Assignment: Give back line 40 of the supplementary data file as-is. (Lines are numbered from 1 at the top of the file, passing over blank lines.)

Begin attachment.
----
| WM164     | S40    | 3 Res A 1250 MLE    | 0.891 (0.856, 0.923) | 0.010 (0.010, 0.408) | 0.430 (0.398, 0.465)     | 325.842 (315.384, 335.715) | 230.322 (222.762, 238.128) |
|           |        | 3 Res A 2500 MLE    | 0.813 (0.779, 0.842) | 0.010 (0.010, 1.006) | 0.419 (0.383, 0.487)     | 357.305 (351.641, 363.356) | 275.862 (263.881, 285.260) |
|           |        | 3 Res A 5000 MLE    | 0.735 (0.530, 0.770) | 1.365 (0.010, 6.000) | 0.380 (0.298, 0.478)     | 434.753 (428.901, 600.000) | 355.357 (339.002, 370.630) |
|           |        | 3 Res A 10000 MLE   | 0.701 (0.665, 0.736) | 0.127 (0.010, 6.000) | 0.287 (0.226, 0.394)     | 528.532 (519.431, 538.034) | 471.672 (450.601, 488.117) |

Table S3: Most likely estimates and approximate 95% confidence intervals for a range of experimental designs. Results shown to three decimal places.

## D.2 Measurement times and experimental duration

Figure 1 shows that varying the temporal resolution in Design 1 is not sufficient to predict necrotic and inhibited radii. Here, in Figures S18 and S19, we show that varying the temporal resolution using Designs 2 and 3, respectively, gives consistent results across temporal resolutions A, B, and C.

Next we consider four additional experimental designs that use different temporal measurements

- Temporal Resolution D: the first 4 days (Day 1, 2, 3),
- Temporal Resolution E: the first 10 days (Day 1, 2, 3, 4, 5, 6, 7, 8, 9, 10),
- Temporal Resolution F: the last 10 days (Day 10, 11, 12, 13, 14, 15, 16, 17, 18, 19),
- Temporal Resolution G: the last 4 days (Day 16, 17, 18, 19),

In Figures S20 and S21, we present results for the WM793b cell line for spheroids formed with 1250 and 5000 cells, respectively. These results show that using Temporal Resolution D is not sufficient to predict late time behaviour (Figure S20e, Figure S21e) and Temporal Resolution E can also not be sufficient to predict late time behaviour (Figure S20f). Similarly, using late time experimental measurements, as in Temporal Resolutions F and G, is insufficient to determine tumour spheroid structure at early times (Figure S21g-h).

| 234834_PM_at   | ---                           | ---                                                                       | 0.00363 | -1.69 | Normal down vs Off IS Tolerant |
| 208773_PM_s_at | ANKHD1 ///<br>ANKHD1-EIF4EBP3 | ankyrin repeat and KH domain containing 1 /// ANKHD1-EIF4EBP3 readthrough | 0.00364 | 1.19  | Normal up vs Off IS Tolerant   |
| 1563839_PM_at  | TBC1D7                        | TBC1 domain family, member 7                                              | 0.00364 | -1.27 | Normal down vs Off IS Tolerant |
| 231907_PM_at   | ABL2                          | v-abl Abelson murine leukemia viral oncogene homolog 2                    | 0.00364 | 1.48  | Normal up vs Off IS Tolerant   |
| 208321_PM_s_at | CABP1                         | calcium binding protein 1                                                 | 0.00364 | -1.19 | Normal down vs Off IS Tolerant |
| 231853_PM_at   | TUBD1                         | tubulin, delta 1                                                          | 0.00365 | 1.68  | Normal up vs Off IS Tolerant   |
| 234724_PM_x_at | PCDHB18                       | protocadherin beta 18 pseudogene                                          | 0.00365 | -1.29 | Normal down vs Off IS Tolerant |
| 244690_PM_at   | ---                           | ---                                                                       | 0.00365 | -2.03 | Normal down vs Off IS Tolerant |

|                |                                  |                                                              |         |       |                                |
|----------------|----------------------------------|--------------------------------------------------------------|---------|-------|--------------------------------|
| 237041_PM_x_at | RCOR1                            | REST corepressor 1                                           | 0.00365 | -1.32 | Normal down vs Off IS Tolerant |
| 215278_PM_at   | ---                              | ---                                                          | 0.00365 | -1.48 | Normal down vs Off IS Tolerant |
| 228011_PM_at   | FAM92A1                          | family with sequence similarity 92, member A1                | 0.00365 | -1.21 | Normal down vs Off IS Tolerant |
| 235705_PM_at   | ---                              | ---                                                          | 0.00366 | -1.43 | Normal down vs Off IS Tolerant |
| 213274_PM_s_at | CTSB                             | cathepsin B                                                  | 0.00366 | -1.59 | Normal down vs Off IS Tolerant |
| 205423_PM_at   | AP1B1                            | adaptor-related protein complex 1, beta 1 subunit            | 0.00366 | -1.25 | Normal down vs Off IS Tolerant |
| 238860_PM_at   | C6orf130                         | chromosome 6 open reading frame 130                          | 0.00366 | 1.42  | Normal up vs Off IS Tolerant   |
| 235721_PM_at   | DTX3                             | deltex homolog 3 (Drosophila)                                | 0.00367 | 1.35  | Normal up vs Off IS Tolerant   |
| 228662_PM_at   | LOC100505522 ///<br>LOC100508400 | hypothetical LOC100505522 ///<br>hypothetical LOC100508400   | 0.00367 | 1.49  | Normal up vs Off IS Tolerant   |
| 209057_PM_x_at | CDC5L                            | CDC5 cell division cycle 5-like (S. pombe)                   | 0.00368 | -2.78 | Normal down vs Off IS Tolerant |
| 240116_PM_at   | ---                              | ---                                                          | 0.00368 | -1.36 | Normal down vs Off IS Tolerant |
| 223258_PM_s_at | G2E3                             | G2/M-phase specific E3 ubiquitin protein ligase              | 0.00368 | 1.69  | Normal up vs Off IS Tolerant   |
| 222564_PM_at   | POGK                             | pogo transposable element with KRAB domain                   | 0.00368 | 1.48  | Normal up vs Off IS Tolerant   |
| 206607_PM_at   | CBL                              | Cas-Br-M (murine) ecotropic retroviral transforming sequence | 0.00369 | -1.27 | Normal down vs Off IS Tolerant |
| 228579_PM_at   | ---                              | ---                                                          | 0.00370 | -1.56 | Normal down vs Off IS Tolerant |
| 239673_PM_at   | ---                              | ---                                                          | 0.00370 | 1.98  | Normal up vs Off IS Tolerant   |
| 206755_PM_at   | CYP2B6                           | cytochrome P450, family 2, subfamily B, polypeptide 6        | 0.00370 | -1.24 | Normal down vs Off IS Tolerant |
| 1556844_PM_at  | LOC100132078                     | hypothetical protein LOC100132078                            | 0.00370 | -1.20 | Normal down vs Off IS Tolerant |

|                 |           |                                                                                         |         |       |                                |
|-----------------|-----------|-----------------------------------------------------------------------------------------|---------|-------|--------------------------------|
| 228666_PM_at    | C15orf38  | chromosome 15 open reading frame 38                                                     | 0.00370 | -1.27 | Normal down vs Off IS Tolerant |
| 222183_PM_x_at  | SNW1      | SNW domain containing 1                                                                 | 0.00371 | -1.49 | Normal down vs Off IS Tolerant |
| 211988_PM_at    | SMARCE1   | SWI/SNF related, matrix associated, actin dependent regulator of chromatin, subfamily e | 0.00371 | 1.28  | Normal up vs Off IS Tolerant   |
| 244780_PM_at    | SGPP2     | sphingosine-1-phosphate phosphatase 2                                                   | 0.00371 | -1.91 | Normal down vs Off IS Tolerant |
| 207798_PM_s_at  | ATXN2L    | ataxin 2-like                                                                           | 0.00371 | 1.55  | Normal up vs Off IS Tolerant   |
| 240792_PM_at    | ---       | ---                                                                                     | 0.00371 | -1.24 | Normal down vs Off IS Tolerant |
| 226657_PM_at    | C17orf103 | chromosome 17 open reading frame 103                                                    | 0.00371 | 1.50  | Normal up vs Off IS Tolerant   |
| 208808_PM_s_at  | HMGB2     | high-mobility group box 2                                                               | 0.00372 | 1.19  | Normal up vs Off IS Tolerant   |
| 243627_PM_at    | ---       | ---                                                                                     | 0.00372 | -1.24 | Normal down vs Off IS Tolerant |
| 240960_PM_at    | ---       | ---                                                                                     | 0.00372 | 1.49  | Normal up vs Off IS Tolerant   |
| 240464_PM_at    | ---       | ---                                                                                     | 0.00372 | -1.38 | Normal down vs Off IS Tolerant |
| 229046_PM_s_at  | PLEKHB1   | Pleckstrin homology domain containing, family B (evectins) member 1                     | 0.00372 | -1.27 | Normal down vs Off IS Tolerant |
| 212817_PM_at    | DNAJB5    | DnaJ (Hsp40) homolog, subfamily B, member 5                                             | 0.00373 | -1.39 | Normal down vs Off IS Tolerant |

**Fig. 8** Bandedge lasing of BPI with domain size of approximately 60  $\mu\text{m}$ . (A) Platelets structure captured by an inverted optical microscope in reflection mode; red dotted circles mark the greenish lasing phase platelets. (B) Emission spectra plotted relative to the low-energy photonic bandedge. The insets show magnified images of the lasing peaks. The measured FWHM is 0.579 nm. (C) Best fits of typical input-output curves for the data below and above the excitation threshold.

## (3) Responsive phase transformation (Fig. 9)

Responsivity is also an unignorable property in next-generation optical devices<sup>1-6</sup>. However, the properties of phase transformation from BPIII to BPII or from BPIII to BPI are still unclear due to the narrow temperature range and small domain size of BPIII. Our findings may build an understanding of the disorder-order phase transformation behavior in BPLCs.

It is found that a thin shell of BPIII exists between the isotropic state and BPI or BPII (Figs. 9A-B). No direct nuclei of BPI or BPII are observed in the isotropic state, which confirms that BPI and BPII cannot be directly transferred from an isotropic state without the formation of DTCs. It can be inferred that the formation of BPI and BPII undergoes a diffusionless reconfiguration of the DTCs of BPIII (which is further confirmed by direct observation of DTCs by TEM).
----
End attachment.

| 206755_PM_at   | CYP2B6                           | cytochrome P450, family 2, subfamily B, polypeptide 6        | 0.00370 | -1.24 | Normal down vs Off IS Tolerant |